“The court instructs the jury that any promise of the defendant to marry said Hattie M. Kinsley made after the act of intercourse will not sustain the charge against said defendant; but such promise, if any such was made, can only be considered by you as a circumstance in the case to prove the former contract, if any was made.

“The court instructs the jury that, before you can find the defendant guilty, you must first find that said Hattie M. Kinsley was a person of good repute and uninarried at the time of making the marriage contract with the said defendant, and under twenty-one years of age.

The jury returned a verdict of guilty of the offense charged in the information against the defendant. A motion in arrest of judgment was made, but was overruled; and a motion for a new trial was made, which was also overruled. Thereon the defendant was sentenced to

. be confined in the county jail of Smith county for a term of six months from and including December 26, 1884; and to pay a fine of $1,000, together with all the costs of the prosecution taxed in the case, and that he stand committed to the jail of said Smith county until the fine and costs were paid. The defendant excepted to the rulings, sentence, and judgment of the court, and brings the case here.

S. B. Brudford, Atty. Gen., John Q. Royce, and E. A, Austin, for the State.

Corn & Myers, for appellant.

HORTON, C. J. The appellant was convicted for a violation of section 36, c. 31, Comp. Laws 1879. The section reads as follows:

“If any male person shall obtain illicit connection, under promise of marriage, with any female of good repute under twenty-one years of age, he shall be adjudged guilty of a misdemeanor, and shall be punished by fine not exceeding three thousand dollars, or by imprisonment not exceeding two years, or by both such fine and imprisonment: provided, that the testimony of the woman alone shall not be sufficient evidence of a promise of marriage.”

The information charged the offense in the language of the statute. The appellant moved to quash the same, for the reason that the information did not sufficiently charge that the prosecutrix, Hattie M. Kinsley, was of good repute at the time of the marriage contract; that the information did not charge that the prosecutrix was, at the time of the marriage contract, a single woman, or that the appellant was a single man; and that the information did not allege that the marriage contract was the moving cause or consideration for the illicit connection.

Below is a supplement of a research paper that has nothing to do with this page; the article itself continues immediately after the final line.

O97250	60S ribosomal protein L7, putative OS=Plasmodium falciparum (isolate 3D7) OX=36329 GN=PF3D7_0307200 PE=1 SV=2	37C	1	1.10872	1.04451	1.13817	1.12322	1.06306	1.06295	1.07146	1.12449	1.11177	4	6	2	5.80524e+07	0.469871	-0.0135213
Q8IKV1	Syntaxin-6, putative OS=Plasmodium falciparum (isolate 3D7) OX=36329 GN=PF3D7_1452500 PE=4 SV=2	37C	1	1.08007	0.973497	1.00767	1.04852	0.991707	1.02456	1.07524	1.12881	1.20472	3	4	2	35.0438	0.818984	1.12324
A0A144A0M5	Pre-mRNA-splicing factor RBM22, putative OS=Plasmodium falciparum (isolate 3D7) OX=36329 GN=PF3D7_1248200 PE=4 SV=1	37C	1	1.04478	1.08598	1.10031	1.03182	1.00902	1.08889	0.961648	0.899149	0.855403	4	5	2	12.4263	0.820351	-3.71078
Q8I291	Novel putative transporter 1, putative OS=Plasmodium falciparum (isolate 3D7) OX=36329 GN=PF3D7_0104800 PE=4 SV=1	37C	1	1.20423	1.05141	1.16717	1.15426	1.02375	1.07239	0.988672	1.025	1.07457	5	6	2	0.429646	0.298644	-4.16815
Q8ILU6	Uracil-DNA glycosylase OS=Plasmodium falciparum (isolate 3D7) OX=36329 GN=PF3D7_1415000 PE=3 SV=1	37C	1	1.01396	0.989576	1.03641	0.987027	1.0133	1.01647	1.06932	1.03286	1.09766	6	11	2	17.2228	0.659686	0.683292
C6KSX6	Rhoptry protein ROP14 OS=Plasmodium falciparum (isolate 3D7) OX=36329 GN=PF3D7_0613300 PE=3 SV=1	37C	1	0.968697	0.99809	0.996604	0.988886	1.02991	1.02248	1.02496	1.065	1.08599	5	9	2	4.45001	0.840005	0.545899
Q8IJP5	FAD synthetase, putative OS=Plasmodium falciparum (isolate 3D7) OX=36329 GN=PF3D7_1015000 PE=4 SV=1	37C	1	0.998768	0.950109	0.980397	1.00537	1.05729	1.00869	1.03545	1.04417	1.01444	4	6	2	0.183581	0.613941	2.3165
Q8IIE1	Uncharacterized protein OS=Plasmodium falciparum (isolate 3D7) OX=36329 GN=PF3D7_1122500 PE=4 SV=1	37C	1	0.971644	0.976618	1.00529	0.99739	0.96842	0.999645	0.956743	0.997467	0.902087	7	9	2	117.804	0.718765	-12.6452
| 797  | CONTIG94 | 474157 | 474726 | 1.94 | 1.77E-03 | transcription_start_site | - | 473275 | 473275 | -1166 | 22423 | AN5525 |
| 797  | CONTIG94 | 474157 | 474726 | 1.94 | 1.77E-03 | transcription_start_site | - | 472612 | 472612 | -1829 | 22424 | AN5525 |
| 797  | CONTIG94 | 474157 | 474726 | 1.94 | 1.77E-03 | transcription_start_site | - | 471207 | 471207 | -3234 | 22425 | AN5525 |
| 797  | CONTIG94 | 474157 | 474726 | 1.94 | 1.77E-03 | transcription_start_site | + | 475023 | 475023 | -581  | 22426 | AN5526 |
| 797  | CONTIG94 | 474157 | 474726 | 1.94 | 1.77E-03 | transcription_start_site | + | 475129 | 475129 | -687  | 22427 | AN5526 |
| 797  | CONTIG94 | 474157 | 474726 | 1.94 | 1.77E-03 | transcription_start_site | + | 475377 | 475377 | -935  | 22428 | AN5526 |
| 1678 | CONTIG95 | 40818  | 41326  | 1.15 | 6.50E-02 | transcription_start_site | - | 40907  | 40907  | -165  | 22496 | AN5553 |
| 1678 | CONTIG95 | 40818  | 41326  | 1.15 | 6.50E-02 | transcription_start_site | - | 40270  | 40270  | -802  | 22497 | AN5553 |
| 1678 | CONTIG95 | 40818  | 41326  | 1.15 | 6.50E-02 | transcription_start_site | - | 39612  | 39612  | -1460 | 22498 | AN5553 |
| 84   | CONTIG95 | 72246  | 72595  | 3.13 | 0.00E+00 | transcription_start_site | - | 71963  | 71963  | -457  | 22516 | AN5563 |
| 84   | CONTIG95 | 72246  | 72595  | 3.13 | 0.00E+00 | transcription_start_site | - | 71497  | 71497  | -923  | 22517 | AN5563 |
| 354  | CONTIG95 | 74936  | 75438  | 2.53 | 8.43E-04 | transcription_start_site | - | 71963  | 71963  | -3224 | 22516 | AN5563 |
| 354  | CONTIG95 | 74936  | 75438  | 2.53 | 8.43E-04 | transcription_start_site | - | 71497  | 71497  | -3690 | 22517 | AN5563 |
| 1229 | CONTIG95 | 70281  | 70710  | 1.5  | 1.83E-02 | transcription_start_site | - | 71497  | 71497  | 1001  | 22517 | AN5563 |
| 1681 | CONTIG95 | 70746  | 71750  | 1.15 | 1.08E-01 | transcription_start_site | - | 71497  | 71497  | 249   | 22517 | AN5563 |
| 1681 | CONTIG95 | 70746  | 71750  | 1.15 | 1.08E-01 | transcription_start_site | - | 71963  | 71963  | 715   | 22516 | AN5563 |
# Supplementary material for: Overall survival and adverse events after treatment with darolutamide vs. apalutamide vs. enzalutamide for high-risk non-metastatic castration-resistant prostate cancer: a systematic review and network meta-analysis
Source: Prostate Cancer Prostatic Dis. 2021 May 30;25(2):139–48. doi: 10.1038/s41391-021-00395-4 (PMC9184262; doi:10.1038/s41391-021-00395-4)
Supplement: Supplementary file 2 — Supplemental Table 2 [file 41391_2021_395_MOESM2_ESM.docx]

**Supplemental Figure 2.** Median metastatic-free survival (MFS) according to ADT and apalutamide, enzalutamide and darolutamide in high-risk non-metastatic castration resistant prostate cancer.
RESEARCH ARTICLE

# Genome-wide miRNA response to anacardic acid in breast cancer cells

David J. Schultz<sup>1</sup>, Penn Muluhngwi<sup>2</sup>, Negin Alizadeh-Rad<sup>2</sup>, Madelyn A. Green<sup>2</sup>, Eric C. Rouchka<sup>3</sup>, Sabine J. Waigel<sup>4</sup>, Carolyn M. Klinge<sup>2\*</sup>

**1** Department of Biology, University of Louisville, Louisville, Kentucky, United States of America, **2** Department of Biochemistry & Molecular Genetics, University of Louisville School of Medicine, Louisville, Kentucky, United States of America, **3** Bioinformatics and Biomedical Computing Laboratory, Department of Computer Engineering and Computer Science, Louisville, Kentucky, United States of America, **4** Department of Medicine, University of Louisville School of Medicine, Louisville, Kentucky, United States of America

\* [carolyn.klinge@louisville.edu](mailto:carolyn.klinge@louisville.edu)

The information did charge that the prosecutrix was of good repute at the time of the marriage contract as well as at the time of the illicit connection, as the promise of marriage is recited as having been made at the time the illicit connection was obtained. The information reads that “on or about November 3, 1884, in said county of Smith and state of Kansas, one H. B. Bryan, a male person, did then and there unlawfully and feloniously obtain illicit connection

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with one Hattie M. Kinsley, she, the said Hattie M. Kinsley, then and there being a female person of good repute, of the age of only seventeen years, and that the said H. B. Bryan did then and there obtain such illicit connection with said Hattie M. Kinsley aforesaid, at the time and place aforesaid, under a promise of marriage then and there made by him, the said H. B. Bryan, to her, the said Hattie M. Kinsley." The allegation that Bryan, being a male person, obtained illicit connection with the female seduced under a promise of marriage inferentially charged that the female was a single person. It would bave conformed to the better practice if the information had contained an express averment that the prosecutrix was, at the time of the marriage contract and illicit connection, a single person; but as the language used necessarily implied that she was single at the time stated, and as the appellant could not have been misled or prejudiced by anything in the information, we think it was not fatal for omitting the direct averment that the prosecutrix was a single per